Governor Lachlan MacquariePrint Page Print this page


Photographs supplied by Peter F Williams / Russell Byers

A sculpture commemorates the former Governor of New South Wales, Lachlan Macquarie.  The statue was donated by FAI Insurances in memory of Mr. R.S. Adler.

There was a public uproar after the statue was removed and discovered underground a tarpaulin in the Parliament House underground car park in December 2009. The statue was relocated to its present spot outside the Mint Building on Macquarie Street on Saturday 20th November 2010.

Lachlan Macquarie was a British military officer and colonial administrator. He served as the last autocratic Governor of New South Wales, Australia from 1810 to 1821 and had a leading role in the social, economic and architectural development of the colony. He is considered by some historians to have had a crucial influence on the transition of New South Wales from a penal colony to a free settlement and therefore to have played a major role in the shaping of Australian society in the early nineteenth century. An inscription on his tomb in Scotland describes him as "The Father of Australia".


Address:10 Macquarie Street, Sydney Mint Building, Sydney, 2000
GPS Coordinates:Lat: -33.868981
Long: 151.212108
Note: GPS Coordinates are approximate.
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Monument Type:Sculpture
Monument Theme:People
Sub-Theme:Government - Colonial
Approx. Event Start Date:1810
Approx. Event End Date:1822
Monument Designer:John Dowie
Monument Manufacturer:F.J and I Lemon Foundry (Melbourne)


Approx. Monument Dedication Date:November-1998
Front Inscription


This Statue Was Donated By
FAI Insurances Limited In Memory Of
Mr. L. J. Adler, unveiled by Mr. A. S. Adler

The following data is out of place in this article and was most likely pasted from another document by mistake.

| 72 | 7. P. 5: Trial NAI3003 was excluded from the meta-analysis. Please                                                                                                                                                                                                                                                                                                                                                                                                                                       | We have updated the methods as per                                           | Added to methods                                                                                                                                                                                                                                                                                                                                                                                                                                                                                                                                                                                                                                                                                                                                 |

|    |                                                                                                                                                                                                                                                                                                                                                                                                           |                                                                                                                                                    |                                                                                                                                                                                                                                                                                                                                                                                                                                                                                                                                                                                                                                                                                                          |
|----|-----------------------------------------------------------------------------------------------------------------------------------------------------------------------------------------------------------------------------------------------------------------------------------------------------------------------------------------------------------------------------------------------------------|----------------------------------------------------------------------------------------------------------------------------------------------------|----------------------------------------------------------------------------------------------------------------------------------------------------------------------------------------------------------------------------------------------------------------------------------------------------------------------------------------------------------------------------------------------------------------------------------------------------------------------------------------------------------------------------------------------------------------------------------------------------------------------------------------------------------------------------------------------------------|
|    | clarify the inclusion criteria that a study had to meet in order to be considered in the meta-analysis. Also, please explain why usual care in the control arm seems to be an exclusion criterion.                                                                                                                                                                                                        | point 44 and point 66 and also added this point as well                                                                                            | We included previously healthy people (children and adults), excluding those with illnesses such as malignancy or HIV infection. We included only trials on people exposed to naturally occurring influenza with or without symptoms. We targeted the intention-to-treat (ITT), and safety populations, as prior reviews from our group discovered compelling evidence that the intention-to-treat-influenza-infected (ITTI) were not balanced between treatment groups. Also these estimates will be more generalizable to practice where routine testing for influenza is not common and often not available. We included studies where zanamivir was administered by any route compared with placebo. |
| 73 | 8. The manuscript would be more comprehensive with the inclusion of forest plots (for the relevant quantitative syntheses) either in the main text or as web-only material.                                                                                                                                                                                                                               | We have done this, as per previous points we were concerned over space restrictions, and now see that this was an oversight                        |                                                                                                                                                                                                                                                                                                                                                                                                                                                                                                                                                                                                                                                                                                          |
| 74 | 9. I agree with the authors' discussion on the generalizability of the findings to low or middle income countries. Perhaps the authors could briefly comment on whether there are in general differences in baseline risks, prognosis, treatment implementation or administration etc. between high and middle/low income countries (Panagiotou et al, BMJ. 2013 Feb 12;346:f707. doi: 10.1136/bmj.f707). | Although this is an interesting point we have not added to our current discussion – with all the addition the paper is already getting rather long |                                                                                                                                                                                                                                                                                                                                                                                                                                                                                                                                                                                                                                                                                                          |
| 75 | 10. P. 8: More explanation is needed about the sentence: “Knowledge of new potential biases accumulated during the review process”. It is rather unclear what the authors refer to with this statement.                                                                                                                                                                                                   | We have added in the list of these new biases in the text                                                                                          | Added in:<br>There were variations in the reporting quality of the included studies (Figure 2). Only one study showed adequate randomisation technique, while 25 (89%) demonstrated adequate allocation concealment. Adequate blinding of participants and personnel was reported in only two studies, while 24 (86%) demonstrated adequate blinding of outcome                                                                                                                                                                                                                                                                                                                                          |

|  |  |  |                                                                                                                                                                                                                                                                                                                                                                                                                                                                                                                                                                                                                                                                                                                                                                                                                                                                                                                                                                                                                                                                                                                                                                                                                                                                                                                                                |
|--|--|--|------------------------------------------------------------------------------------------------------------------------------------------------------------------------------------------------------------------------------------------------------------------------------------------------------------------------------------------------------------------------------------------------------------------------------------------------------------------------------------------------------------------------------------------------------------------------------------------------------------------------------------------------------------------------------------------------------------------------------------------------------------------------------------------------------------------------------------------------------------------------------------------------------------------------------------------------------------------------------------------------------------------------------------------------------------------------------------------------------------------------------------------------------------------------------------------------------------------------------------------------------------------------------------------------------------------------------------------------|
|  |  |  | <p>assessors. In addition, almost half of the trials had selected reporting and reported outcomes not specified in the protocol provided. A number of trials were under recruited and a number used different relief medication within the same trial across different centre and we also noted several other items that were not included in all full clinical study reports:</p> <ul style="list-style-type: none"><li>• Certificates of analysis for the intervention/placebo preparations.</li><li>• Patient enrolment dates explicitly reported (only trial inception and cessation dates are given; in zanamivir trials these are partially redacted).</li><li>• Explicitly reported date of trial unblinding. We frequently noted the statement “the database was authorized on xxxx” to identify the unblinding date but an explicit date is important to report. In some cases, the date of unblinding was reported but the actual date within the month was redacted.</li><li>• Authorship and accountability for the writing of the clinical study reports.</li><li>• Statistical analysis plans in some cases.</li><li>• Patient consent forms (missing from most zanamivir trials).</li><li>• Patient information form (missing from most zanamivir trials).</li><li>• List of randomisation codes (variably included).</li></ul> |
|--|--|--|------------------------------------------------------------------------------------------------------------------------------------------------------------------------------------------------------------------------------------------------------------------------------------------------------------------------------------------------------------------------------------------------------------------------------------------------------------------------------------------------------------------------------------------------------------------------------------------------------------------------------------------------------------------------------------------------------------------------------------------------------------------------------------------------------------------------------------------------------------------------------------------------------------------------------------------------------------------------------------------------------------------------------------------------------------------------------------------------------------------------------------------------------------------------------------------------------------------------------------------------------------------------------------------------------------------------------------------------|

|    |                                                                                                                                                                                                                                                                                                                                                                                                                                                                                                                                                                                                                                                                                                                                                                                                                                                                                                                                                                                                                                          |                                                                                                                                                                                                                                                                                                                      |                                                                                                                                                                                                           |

November 1998

John Murray

Back Inscription


Born in Scotland on 31 January 1762, Macquarie joined the army at age 14.

After serving in America, Asia, Egypt, and England he was sent to NSW with the 73rd regiment to replace the mutinous NSW Corps, reaching Sydney late in 1809. Over the next 12 years he reformed the administration, legal and convict systems, commerce and agriculture, opened up the interior of NSW, encouraged former convicts (emancipists) to fully participate in society and greatly expanded settlement.

His public works, which included some 250 public buildings, roads and bridges, laid a solid foundation for the colony`s social anbd economic development. The historic core of the NSW Parliament House is part of the Macquarie built first General Hospital which was completed in 1816.

Macquarie died in London in 1824. His tomb on the island of Mull is now administered by the National Trust of Australia. The last of NSW`s autocratic Governors, Macquarie`s achievements were outstanding and his name remains one of the most commemorated in Australia. 

Source: MA,H
Monument details supplied by Monument Australia - www.monumentaustralia.org.au
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